Guardians of the Galaxy #4
Writer: Donny Cates
Artist: Geoff Shaw
Colors: David Curiel
Letterer: VC’s Cory Petit
The collision course to find Gamora and Thanos have been the thrust of this first arc so far. Three different teams all working on different conflicting goals. The story of resurrecting Thanos takes a back seat in this issue, as the two opposing Guardian teams clash in this issue. One of them wants to save Gamora, while the other wants her dead. A fairly simple premise that has led to a nice and easy introductory arc so far.
The Guardians, led by Groot and Star Lord, finally find Gamora. When Groot approaches her there is a warm moment that helps alleviate some of the stress that she may become Thanos resurrected. It seems that Gamora was looking for Rocket Raccoon. That thread is only teased at and dropped quickly, and most likely to be returned for a focused arc later in this series. When bringing Gamora back onto their spaceship Ryder, named after Winona Ryder), the team is attacked by the opposing guardian force. This is the team that was formed by Eros (aka, Star Fox aka Thanos’s brother) and features Cosmic Ghost Rider. That is really all there is to the story (without spoiling the final page cliffhanger). While there are been some set up in the previous three issues, this one is almost wall to wall action.
I had a lot of fun reading this issue. I am still unsure who some of the team members are and why they matter, but the main idea is still easy to digest for new readers. Rather than a confusing turn off that team books can be, this book actually makes me want to know more. This is easily the simplest book of the arc so far as it only really focuses on two teams battling over Gamora. I loved the tease of things to come with Rocket Raccoon, and I appreciate it seems that Donny Cates is going to save his story for a time where it can breathe and receive the spotlight it deserves. Cates is able to easily explain interpersonal relationships in a single page. It is clear their is warmth and trust between Gamora and Groot, and the uneasiness between Gamora and Peter Quill. Again, these four Guardians comics have been the only ones I have ever read, yet the characters are clear. There are some characters I am still unsure of, but I don’t blame the writing for not going into it here. As this issue focuses on action and conflict, any exposition would really change the pace. Hopefully they will receive a spotlight soon though as anything outside the films is still lost on me (and most likely I am not alone here). The issue really ends in a way that justifies the intense nature of the book, and again shows that Cates knows how to weave character work and development into gripping material.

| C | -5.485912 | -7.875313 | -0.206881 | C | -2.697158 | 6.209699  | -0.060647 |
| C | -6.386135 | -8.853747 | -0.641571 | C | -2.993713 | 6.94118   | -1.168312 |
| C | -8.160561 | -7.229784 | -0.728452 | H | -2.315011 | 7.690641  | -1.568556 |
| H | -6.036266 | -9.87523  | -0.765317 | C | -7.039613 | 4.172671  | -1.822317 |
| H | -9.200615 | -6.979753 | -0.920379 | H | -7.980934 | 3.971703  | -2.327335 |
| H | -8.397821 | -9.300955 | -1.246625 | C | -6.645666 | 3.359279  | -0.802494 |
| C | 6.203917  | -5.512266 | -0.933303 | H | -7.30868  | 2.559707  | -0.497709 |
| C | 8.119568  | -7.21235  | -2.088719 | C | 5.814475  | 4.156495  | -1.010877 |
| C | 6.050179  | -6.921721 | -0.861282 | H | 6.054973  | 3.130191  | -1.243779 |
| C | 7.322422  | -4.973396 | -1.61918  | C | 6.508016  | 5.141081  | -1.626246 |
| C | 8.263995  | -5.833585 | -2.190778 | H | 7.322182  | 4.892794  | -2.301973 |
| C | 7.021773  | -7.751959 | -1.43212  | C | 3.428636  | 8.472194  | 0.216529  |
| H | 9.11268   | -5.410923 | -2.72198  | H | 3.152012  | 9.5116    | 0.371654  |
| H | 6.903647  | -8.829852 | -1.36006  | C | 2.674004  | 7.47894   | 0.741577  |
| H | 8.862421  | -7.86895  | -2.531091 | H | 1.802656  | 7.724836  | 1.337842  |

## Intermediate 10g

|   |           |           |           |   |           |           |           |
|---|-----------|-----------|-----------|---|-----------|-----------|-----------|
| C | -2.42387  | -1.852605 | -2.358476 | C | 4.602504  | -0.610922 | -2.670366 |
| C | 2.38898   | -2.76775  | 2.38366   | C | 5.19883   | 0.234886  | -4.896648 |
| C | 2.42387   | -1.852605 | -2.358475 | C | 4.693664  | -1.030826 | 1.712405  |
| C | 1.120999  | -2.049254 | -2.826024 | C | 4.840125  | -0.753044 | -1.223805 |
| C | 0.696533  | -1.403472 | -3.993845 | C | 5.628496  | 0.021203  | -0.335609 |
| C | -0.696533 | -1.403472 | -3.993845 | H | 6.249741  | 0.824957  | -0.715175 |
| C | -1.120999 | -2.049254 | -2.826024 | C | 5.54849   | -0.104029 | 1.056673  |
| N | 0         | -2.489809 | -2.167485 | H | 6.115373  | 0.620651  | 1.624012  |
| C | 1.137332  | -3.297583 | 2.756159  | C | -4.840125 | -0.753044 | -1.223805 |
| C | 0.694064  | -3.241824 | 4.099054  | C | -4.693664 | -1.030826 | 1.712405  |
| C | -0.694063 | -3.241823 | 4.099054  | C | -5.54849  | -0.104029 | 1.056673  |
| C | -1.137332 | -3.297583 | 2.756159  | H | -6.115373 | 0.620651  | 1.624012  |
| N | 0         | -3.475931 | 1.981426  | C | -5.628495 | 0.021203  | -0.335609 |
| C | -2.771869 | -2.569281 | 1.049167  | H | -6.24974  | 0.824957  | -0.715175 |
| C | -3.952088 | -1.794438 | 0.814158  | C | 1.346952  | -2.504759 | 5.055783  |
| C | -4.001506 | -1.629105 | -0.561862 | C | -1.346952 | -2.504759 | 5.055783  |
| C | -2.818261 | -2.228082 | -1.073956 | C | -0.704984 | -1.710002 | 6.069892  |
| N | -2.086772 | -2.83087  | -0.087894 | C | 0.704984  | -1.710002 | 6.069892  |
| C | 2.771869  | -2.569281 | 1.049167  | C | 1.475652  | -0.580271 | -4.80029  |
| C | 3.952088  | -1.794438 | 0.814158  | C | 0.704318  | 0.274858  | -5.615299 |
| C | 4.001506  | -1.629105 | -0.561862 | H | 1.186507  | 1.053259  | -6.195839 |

Geoff Shaw has had the chance to play with action in this title already, but this is one feels far more kinetic than the previous ones. The very few slower moments in the book, Shaw really brings to life the emotion and weight of the scenes. The embrace of Groot and Gamora is drawn in such a soft and impactful way, and then only goes onto highlight the frantic battles before and afterwards. This is a beautifully drawn book that shows Shaw can handle a diverse cast and script.